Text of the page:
Because of the tenacity of its residents, both past and present, the area is booming, property values are soaring and young people are flocking to this neighborhood to provide a home for their young families.

Located on the East bank of the Cumberland River, just blocks from downtown Nashville, the Courthouse and the Tennessee Titan's Coliseum, its prime location offers urban living at its best. This is true today, as it was when Edgefield was an independent city from Jan 2, 1869 until it was annexed by Nashville on February 6, 1880. For this reason many of the movers and shakers of the 1800s developed this neighborhood. The founders of Nashville's premier businesses, doctors, governors, educators, and even Jesse and Frank James called Edgefield home. It is purported, and some claim documented, that Jesse attended and taught Sunday School at Tulip Street Methodist Church, which still stands today and is an integral part of the community. Jesse's home is also still standing, as are many of the original homes and churches. This is extremely remarkable when considering the tragedies and obstacles which these residents have overcome throughout the decades.

On Wednesday, March 22, 1916, Edgefield's first major disaster struck. Around 11:47 a.m., a fire started in a mill located on the banks of the Cumberland. Heavy March winds, with gales from 44-51 mph, fanned the flames through the streets of Edgefield consuming most buildings in its path. This great conflagration was brought under control around 4:30 that afternoon but only after taking the life of one person, destroying 648 homes and businesses, and leaving over 3,000 homeless. Many residents took flight across the river to newer neighborhoods, but many other stalwart individuals remained in Edgefield to rebuild. Cottages and bungalows were the vogue in 1916, and many examples of these styles are found today interspersed among the older Victorian homes.

Edgefield recovered and continued to rebuild; however, tragedy again struck. A tornado of monumental proportions hit the neighborhood in 1933 and many of its existing buildings were destroyed and/or damaged.

Once more Edgefield fell on hard times. Following WWII many of its lovely old homes were turned into boarding houses or converted into multiple apartments. By this time few of the original families remained and the problems were greatly compounded with the emergence of Urban Renewal. In the 1960s many more old homes fell victim to the wrecking ball. Entire blocks were leveled and more of the beautiful old mansions were lost. During this age when America was in love with all things modern, many forgot the beauty and importance of historic structures. Thanks to the efforts of a few gutsy people, many homes were saved. One brave lady even stood in her doorway with a shotgun and dared anyone to come near her home. That home, which has housed both a governor and a mayor, is still standing today.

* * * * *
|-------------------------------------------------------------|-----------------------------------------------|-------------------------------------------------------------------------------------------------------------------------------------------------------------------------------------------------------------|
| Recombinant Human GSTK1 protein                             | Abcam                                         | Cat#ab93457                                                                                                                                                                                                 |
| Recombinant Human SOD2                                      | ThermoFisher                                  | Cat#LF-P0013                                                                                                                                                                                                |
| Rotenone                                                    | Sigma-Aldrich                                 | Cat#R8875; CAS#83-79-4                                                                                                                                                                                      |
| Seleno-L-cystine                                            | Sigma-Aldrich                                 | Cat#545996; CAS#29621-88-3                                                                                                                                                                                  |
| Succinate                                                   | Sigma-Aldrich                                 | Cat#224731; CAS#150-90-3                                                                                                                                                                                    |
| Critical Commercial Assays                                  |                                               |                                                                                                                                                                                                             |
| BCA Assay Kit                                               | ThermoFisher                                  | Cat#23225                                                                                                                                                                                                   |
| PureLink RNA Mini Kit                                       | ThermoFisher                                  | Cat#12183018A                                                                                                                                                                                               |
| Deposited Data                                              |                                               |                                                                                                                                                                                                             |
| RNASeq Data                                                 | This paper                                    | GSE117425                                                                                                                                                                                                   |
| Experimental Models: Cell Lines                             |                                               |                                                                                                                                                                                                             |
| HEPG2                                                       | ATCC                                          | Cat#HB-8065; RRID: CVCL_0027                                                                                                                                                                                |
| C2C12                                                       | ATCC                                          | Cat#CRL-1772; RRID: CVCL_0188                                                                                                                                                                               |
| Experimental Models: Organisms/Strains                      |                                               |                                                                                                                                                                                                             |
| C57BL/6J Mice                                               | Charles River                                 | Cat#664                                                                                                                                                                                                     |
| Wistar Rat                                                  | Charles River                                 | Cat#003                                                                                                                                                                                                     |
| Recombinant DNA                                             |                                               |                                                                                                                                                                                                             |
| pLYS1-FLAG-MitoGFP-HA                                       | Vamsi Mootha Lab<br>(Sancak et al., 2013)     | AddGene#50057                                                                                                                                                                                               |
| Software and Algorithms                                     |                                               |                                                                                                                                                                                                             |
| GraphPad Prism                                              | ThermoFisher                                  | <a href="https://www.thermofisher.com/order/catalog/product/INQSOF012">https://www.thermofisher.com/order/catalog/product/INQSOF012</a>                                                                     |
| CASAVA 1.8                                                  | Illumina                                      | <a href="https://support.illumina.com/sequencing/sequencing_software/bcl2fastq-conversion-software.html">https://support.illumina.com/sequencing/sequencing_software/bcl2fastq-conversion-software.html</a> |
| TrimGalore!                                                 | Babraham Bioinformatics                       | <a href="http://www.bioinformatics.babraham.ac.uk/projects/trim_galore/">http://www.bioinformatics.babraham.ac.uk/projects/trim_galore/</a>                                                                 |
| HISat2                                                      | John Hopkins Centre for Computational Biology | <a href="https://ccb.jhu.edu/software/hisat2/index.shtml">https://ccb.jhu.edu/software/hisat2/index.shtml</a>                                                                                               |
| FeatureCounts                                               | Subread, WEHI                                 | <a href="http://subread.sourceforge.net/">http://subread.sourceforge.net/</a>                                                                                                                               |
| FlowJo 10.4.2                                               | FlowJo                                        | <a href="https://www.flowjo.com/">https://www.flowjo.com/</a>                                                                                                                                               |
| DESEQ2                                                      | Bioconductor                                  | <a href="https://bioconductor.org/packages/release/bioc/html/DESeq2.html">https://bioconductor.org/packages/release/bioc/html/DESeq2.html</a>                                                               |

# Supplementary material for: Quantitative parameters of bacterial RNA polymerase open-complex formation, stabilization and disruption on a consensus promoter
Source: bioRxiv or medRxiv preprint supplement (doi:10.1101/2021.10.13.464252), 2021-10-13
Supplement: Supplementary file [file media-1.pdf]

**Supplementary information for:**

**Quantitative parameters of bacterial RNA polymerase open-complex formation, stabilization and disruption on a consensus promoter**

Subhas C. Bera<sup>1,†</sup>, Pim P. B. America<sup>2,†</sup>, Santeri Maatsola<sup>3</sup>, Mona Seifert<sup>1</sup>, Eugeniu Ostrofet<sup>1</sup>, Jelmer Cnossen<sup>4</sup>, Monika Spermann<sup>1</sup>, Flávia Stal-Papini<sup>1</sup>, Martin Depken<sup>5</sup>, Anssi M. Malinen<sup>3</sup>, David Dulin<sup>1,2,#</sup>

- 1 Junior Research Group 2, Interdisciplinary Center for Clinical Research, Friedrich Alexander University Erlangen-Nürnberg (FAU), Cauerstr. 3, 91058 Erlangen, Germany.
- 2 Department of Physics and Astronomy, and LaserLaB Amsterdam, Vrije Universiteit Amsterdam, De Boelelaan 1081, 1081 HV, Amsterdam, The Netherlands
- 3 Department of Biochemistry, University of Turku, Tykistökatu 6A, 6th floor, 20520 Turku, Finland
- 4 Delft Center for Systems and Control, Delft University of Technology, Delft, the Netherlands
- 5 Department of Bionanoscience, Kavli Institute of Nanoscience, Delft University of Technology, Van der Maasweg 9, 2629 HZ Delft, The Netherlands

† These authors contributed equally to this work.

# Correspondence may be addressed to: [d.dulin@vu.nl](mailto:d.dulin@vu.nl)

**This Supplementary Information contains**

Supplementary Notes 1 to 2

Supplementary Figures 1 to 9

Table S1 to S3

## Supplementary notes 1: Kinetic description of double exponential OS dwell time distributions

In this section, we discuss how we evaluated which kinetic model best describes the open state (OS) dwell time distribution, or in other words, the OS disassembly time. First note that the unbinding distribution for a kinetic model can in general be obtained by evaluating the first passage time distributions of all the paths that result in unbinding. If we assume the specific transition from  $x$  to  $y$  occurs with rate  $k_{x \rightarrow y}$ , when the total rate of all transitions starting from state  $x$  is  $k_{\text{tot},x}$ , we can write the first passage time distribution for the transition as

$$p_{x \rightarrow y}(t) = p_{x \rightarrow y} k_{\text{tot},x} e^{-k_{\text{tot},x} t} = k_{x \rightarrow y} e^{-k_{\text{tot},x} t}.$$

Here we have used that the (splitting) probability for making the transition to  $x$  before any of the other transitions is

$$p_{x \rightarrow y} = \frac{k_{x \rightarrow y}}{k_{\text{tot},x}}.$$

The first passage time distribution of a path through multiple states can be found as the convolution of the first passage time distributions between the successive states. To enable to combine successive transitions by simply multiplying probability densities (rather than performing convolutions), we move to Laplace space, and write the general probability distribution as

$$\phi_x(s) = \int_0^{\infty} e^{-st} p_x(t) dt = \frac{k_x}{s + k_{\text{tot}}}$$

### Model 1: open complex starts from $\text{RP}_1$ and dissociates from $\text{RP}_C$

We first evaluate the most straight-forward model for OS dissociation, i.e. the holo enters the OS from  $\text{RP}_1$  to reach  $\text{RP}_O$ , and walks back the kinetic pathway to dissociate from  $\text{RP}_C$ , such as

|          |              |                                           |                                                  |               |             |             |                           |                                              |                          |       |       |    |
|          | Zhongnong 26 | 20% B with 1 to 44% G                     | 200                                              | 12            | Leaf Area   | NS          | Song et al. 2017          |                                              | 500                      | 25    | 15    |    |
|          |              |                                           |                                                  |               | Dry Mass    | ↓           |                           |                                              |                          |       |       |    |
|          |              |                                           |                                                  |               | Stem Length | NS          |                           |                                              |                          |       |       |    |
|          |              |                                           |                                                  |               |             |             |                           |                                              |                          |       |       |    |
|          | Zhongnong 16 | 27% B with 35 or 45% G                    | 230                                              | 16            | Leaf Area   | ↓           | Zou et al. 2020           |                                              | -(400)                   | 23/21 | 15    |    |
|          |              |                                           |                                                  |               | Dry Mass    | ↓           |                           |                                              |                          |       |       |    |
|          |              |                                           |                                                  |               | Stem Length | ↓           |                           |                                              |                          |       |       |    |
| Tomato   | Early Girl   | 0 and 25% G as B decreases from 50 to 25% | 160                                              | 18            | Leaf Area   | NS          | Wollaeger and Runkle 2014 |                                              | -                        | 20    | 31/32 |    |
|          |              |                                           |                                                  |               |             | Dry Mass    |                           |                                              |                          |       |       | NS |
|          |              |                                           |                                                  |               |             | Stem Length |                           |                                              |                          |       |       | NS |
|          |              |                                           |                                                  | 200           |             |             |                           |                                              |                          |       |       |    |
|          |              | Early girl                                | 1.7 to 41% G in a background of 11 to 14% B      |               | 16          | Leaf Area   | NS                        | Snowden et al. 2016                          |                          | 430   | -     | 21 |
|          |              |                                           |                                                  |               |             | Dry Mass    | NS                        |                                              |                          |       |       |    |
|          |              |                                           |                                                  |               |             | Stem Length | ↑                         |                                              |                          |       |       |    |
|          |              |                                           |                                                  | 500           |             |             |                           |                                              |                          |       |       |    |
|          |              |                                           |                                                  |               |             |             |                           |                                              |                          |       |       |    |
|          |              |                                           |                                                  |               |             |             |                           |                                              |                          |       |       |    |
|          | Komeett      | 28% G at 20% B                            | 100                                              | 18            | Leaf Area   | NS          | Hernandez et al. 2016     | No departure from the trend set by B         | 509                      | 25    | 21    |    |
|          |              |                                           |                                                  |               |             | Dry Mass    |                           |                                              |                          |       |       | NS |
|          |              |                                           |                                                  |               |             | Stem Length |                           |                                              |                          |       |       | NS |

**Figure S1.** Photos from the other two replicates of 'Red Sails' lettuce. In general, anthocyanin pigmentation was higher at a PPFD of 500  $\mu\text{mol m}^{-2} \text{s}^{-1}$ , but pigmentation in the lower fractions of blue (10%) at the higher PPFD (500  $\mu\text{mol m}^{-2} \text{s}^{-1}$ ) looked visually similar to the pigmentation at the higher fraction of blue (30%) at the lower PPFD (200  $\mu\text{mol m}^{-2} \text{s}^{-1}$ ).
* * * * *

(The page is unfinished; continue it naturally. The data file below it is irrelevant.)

History does repeat itself. In April of 1998, another tornado took the same path as the tornado of 1933, and again wreaked havoc on Edgefield. Homes and churches were greatly damaged and even more devastating was the loss of trees and flora. Aged trees were actually ripped from the ground by the roots and dumped across streets. Only minutes following this last catastrophe someone climbed high atop the steeple of Tulip Street Methodist Church and "Amazing Grace" began to resound throughout the neighborhood. This proved to be very prophetic. The neighbors of both Edgefield and the greater Nashville area joined together and worked for months on clearing the streets and providing assistance for those neighbors in need. It seems this dark cloud did have a silver lining. Edgefield has once again rebuilt, is thriving and is again a lovely neighborhood of people involved with each other and their community. Much of this would probably not have happened had it not been for the tornado of 1998.

These are exciting times for Edgefield. The streets are buzzing with activity. On any given day you may find mothers with strollers, joggers, residents walking their dogs or on the way to the closest coffee house to meet a friend and there is also the sound of new construction in the air. New condominiums (with a retro look) have been built and many restaurants have opened in the area. Residents once called Edgefield Nashville's best kept secret but it seems the secret is out. Twice a year residents invite the community to join in celebrating their progress and to help raise funds for the continued preservation of this historic district. On June 5th and 6th, residents will again open their doors for the 29th Annual Tour of Homes and on September 25th, they will host an annual wine tasting in the elegant gardens of one of its historic homes. Information on the neighborhood and on both of these events can be obtained at

©Copyright 2004 David Ray Skinner/SouthernReader. All rights reserved.